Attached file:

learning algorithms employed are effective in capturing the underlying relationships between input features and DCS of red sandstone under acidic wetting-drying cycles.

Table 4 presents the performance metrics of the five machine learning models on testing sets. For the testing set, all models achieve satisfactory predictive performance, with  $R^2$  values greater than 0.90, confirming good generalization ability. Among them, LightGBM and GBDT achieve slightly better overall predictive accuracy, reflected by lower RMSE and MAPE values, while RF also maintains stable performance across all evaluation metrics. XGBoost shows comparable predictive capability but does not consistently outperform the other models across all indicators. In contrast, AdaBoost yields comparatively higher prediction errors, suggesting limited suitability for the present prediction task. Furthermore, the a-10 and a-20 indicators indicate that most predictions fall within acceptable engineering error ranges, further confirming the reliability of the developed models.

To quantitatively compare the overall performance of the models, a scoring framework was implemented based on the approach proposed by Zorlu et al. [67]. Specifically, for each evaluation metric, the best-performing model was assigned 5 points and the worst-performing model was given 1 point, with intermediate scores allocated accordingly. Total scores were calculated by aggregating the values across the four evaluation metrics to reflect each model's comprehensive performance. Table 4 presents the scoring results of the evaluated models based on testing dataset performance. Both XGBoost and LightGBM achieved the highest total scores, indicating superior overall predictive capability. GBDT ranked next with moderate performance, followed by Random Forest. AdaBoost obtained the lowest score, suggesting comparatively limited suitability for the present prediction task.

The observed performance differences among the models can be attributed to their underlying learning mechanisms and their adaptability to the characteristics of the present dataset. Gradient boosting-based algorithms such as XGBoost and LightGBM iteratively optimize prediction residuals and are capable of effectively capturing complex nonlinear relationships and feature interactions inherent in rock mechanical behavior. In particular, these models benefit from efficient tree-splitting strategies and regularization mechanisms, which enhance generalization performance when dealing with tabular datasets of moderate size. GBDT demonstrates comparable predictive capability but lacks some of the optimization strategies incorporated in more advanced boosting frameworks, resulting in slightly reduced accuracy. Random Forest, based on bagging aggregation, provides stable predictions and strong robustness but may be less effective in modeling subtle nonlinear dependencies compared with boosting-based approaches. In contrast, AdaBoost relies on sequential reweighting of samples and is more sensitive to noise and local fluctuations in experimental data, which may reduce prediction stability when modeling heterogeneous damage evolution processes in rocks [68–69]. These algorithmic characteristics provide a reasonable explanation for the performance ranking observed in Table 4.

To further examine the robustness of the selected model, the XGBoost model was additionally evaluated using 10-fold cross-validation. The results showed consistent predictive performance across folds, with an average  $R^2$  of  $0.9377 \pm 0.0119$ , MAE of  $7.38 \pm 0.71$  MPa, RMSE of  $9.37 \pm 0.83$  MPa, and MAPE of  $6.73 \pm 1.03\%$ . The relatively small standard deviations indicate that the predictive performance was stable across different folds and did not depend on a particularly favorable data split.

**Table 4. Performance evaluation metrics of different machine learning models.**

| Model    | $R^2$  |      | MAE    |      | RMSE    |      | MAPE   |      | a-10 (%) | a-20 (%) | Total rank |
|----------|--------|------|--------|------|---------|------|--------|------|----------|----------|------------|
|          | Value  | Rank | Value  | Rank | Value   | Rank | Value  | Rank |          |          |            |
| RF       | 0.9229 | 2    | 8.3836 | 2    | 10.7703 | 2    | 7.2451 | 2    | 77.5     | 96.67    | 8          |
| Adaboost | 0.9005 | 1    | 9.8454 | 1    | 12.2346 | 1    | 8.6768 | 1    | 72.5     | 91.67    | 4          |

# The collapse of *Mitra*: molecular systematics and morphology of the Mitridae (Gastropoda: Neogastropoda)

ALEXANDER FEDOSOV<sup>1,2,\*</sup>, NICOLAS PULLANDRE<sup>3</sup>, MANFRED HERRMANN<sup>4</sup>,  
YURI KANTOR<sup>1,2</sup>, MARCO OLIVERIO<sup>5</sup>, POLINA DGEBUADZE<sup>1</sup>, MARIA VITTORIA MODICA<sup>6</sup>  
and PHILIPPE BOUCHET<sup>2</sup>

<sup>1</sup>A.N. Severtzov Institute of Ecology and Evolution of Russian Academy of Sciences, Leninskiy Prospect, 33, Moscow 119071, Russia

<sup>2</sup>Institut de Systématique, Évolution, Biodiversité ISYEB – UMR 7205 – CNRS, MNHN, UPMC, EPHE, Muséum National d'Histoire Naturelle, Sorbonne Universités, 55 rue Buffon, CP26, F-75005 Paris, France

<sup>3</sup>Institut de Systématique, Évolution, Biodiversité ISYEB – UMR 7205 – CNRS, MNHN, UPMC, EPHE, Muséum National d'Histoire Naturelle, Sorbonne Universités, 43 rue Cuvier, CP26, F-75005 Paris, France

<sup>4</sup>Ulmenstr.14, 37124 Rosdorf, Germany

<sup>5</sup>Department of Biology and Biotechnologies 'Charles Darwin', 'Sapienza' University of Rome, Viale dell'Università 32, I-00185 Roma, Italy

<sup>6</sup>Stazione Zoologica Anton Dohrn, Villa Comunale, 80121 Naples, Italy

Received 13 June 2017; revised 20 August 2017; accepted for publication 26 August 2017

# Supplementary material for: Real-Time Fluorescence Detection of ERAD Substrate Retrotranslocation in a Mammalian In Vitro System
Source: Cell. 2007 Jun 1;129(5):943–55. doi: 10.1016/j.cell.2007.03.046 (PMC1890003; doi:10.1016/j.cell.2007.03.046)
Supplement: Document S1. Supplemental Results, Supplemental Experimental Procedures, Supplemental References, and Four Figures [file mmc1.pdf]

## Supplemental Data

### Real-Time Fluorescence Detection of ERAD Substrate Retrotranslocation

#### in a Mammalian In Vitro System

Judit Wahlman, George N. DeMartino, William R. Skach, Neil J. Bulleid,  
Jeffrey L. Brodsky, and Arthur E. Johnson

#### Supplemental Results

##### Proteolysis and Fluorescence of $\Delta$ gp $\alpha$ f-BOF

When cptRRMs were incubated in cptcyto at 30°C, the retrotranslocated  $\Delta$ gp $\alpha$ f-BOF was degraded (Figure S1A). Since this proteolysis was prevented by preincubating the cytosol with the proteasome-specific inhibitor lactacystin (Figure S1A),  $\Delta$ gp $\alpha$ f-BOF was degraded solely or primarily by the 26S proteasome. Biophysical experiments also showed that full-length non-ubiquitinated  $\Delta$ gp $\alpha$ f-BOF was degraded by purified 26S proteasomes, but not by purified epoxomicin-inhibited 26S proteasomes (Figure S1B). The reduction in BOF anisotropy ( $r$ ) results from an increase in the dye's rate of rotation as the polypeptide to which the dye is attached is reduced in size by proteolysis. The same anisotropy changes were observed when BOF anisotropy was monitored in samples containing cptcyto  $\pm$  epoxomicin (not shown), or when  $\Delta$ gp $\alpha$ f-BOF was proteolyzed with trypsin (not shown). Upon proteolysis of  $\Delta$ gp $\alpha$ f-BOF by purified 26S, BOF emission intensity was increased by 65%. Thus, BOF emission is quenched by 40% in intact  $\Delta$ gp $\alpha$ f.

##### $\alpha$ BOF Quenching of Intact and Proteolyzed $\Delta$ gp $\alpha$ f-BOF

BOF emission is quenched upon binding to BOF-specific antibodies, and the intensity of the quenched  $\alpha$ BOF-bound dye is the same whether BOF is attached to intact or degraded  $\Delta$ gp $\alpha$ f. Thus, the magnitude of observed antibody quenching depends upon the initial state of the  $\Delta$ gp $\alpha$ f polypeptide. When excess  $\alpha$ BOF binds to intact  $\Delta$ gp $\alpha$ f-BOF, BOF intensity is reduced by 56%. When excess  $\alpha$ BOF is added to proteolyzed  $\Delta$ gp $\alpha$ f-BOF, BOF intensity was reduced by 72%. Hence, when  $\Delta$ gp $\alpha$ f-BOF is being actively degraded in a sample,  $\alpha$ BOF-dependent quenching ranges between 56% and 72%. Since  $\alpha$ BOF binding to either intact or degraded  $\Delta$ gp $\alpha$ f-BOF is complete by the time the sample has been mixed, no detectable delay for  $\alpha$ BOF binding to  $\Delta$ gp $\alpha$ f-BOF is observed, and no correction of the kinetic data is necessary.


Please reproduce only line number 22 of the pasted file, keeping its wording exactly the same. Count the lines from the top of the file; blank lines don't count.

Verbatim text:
Received 13 June 2017; revised 20 August 2017; accepted for publication 26 August 2017